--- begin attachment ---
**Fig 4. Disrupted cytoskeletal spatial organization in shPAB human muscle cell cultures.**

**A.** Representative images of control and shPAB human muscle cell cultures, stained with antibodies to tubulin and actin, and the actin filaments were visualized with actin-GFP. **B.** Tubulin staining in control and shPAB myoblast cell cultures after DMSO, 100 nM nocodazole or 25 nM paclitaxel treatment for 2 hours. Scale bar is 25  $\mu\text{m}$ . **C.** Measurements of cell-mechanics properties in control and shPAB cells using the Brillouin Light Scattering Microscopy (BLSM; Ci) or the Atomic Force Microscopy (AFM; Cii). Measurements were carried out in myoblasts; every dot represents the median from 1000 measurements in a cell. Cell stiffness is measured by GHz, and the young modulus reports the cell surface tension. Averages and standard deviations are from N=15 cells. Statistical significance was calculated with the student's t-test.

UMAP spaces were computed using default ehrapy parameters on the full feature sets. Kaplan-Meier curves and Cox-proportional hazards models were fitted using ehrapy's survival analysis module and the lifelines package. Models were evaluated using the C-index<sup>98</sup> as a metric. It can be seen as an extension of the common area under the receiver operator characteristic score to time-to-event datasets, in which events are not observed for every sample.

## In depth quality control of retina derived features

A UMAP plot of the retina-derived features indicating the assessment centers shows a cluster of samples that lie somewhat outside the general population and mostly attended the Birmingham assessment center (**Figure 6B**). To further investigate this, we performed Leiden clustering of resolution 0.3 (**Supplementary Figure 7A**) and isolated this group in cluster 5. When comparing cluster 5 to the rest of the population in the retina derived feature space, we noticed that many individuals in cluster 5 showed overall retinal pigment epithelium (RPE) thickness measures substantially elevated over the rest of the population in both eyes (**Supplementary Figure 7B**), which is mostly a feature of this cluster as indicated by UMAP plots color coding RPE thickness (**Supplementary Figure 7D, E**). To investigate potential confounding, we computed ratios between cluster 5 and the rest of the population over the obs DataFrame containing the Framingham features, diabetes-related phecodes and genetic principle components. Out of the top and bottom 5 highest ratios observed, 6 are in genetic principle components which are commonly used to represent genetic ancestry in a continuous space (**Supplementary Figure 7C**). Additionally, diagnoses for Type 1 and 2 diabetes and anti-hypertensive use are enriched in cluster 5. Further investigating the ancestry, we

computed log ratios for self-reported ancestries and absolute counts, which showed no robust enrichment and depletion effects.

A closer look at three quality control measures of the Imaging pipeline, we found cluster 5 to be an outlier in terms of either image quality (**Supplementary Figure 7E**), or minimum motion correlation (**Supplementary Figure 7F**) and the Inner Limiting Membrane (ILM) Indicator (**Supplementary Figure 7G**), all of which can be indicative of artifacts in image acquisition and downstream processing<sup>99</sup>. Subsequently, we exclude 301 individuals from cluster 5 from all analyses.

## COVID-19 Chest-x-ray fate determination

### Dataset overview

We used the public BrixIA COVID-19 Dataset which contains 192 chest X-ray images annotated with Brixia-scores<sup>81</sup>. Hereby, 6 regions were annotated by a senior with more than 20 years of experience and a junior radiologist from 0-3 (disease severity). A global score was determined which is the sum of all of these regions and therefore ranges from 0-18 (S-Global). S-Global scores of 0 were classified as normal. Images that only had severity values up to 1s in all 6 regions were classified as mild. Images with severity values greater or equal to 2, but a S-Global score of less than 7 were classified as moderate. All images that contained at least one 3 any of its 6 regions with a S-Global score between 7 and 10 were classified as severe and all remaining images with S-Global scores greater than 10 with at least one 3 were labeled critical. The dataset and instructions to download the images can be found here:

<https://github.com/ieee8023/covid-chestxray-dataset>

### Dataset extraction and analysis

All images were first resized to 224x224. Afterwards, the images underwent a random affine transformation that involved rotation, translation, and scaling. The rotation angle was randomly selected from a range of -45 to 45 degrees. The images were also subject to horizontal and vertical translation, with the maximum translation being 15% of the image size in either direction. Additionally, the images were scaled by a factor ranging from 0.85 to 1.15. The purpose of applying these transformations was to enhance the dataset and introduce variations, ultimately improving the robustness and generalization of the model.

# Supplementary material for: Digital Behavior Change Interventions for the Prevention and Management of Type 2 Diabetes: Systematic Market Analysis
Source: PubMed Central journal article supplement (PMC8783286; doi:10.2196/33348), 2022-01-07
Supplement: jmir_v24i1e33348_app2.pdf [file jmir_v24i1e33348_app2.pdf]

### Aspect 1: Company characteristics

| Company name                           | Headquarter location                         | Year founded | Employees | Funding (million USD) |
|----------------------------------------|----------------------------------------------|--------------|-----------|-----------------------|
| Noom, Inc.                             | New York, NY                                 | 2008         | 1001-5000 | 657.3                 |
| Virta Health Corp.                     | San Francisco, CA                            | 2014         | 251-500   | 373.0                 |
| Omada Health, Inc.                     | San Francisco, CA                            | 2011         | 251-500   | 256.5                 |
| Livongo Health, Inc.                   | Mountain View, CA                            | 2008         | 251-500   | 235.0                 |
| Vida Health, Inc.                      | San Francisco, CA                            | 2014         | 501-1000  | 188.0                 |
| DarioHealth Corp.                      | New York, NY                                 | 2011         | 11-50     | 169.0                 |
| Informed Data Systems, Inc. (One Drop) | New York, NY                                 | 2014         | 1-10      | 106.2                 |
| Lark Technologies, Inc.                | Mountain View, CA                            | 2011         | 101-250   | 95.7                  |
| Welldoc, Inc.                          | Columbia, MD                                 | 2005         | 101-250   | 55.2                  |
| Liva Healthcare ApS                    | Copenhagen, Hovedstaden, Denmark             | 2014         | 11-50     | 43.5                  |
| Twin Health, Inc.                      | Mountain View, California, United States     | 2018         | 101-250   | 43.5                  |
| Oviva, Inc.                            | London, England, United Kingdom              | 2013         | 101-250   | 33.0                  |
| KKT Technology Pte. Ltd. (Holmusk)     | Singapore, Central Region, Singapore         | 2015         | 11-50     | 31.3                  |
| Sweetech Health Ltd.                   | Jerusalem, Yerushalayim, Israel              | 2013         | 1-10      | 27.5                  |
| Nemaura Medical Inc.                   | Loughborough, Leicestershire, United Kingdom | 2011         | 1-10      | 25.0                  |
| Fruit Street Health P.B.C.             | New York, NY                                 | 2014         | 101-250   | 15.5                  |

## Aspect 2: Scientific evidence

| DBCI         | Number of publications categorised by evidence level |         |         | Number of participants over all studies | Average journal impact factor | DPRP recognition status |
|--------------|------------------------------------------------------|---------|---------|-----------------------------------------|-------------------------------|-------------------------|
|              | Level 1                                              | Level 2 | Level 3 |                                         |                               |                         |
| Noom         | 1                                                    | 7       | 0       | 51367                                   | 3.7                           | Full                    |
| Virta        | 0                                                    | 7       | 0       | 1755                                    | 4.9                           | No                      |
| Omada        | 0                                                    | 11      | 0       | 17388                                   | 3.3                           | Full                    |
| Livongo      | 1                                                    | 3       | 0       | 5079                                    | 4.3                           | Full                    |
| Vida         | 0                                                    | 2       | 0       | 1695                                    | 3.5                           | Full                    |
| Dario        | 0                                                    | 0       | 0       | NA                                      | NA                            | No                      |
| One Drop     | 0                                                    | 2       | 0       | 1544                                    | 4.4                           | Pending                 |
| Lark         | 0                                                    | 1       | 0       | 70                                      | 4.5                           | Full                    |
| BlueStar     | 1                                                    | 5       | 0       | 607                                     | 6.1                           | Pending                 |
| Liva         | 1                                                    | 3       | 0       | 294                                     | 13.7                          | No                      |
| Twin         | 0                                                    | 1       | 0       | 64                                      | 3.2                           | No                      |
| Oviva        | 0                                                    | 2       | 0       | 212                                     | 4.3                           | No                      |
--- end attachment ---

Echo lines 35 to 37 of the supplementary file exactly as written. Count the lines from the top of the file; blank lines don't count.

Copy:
| Fruit Street Health P.B.C.             | New York, NY                                 | 2014         | 101-250   | 15.5                  |

## Aspect 2: Scientific evidence

| DBCI         | Number of publications categorised by evidence level |         |         | Number of participants over all studies | Average journal impact factor | DPRP recognition status |